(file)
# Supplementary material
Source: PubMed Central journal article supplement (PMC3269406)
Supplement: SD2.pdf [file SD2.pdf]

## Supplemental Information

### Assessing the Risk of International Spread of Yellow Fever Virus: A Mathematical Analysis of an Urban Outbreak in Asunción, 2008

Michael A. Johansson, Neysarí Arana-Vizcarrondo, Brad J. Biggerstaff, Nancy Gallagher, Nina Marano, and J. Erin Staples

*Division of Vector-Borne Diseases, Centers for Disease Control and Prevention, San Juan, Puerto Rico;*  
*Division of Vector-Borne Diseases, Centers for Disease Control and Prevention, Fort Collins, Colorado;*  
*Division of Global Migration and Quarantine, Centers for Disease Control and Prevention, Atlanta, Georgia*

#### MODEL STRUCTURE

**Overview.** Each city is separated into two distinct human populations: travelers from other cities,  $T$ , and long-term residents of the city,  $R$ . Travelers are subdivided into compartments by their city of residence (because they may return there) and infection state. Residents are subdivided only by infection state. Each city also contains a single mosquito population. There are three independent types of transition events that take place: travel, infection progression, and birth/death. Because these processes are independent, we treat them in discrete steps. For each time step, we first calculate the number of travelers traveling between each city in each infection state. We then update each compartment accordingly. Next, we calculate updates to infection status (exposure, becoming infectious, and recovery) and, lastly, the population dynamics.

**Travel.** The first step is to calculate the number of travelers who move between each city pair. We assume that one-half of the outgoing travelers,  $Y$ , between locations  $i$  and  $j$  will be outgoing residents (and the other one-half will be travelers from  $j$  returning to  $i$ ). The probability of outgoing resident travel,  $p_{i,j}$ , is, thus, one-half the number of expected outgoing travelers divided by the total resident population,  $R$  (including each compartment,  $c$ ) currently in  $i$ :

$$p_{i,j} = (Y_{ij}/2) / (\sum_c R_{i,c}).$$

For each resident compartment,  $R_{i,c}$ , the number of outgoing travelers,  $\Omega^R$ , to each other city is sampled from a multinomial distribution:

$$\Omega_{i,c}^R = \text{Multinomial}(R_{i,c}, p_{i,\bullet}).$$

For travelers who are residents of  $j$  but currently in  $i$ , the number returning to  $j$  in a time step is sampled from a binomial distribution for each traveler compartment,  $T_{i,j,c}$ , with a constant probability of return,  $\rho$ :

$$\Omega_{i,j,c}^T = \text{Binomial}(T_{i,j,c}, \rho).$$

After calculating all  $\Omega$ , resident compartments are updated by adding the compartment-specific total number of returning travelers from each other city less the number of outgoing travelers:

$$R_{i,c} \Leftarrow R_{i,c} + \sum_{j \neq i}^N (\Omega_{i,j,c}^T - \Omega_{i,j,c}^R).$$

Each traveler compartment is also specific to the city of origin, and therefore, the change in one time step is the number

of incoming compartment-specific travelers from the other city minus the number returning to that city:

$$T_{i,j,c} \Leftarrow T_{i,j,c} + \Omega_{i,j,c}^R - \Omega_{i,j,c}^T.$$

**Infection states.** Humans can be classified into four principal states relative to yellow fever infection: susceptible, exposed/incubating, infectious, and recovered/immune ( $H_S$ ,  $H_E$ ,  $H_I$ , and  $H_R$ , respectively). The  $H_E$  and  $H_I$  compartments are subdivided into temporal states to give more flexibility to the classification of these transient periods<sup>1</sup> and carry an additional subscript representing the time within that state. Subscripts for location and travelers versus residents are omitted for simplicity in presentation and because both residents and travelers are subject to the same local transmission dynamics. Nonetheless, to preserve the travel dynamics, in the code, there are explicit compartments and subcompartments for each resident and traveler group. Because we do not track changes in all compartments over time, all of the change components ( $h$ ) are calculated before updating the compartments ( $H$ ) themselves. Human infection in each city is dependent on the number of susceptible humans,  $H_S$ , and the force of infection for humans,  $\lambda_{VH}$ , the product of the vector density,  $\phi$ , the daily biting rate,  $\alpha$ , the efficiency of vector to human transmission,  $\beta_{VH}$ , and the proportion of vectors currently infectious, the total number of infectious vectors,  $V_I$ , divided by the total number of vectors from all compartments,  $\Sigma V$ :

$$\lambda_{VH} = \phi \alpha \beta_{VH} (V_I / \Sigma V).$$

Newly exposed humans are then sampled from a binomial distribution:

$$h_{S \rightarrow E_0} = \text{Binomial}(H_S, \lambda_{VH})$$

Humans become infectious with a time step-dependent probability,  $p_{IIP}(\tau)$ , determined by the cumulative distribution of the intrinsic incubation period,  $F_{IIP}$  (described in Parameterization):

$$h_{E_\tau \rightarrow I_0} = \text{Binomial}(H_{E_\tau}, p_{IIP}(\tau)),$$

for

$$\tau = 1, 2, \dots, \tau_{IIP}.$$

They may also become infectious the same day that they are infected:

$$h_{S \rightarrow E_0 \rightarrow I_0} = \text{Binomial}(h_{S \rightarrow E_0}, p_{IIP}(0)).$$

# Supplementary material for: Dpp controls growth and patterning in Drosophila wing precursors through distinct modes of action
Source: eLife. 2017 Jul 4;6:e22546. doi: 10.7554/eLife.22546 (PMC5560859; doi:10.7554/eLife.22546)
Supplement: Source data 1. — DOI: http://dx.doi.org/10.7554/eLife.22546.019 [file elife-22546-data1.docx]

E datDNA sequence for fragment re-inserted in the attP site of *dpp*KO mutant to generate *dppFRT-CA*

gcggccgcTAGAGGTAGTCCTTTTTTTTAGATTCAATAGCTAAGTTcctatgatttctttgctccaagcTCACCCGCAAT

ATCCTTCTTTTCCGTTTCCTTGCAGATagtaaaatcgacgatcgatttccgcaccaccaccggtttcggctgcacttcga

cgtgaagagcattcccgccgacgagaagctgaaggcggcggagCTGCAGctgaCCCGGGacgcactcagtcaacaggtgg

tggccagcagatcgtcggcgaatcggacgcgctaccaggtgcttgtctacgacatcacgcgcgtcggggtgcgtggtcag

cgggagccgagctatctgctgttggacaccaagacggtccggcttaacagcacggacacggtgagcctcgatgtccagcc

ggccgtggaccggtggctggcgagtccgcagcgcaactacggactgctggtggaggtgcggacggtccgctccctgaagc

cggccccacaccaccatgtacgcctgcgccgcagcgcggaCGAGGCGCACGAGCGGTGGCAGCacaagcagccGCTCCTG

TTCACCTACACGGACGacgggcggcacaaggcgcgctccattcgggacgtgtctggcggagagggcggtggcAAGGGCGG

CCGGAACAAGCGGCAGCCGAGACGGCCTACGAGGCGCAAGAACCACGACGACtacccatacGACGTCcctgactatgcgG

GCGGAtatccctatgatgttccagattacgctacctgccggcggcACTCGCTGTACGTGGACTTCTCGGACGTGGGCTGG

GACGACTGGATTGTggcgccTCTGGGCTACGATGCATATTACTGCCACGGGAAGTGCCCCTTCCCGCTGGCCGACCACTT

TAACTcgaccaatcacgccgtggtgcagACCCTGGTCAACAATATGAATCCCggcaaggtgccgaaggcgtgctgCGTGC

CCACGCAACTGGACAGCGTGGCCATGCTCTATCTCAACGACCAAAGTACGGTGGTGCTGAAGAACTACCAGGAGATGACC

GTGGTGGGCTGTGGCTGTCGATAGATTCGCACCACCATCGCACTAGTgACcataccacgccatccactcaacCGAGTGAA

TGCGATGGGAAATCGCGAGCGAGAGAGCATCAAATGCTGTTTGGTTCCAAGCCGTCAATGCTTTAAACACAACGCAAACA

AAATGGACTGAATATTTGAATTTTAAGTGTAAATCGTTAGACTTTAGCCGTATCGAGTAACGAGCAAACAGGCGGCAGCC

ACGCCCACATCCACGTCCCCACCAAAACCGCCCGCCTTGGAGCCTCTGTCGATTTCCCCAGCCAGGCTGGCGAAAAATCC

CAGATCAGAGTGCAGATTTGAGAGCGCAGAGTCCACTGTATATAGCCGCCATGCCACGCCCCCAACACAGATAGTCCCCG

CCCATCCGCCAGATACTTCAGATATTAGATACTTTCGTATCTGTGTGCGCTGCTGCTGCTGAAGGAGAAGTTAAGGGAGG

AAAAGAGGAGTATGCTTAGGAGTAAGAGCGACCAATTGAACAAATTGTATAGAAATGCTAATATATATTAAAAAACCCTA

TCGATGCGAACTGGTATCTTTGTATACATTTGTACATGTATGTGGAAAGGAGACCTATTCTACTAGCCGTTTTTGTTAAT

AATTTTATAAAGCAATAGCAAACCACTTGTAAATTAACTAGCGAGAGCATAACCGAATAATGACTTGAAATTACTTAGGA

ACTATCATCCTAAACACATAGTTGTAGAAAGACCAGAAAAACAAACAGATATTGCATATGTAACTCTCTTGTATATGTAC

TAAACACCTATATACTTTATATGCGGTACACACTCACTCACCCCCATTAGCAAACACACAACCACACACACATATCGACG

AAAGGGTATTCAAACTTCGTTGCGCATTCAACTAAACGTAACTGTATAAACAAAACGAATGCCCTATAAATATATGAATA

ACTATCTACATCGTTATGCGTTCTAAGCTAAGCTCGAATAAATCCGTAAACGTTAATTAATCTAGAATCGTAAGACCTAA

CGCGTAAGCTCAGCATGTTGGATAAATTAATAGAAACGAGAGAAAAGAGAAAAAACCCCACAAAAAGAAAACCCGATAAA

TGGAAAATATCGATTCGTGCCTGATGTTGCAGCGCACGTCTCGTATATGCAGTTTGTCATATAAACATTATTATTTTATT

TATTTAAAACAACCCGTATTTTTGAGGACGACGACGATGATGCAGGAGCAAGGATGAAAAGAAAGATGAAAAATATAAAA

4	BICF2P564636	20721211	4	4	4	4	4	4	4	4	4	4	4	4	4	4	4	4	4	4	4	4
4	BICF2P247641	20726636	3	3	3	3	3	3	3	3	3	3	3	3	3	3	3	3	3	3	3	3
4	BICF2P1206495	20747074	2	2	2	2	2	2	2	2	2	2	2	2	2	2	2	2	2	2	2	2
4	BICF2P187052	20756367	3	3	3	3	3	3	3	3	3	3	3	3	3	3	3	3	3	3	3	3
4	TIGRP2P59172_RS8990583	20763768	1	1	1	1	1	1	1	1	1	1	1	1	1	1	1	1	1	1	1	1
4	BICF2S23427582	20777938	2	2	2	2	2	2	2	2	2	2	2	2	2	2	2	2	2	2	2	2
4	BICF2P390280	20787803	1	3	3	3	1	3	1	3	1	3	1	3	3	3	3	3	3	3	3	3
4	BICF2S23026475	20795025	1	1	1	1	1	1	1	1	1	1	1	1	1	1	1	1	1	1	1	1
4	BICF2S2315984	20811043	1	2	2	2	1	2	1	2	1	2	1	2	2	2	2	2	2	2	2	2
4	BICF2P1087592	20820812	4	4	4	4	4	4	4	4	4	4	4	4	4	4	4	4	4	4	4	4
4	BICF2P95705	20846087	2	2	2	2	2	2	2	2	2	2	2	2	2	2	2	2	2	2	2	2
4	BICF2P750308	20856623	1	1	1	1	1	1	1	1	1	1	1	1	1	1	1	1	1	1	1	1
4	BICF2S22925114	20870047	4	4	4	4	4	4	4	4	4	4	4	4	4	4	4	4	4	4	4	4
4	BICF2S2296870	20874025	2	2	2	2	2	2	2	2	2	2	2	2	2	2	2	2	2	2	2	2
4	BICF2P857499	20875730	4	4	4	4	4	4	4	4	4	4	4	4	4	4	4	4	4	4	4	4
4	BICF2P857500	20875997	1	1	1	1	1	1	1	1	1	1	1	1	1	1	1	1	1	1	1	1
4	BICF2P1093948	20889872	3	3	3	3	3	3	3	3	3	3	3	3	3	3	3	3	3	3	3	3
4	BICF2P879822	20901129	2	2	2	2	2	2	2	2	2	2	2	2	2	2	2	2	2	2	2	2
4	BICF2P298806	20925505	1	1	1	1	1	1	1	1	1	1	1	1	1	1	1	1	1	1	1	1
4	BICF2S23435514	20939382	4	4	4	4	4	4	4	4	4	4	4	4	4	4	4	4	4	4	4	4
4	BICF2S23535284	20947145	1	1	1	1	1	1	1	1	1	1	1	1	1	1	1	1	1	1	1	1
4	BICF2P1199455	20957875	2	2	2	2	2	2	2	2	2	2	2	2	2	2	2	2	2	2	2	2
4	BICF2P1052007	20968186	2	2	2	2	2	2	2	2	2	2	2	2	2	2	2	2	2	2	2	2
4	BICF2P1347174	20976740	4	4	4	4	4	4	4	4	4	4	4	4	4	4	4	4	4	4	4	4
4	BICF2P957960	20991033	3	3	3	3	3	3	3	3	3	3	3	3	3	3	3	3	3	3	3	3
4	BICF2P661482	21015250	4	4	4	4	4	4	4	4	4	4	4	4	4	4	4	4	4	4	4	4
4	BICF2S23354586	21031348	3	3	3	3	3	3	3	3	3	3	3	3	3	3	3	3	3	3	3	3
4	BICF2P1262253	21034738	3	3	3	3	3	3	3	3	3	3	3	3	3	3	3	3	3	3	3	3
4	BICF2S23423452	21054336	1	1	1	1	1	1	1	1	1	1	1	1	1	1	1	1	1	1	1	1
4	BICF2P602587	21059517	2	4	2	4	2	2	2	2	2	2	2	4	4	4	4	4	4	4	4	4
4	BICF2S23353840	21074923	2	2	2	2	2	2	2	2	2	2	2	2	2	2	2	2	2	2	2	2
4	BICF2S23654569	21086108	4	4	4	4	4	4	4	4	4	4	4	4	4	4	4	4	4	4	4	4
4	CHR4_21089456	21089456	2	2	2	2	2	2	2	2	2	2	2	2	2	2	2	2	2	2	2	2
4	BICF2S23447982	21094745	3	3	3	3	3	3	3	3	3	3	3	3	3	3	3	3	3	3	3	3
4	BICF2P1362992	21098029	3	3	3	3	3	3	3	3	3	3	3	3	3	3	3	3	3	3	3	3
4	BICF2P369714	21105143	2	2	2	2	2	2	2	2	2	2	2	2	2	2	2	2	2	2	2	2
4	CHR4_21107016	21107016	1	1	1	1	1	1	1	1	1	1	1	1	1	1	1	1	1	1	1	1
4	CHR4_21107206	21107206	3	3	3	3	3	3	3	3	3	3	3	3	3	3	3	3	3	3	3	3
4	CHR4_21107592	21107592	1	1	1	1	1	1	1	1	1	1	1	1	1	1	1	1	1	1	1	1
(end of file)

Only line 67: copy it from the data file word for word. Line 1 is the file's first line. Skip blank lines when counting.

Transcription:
4	BICF2P247641	20726636	3	3	3	3	3	3	3	3	3	3	3	3	3	3	3	3	3	3	3	3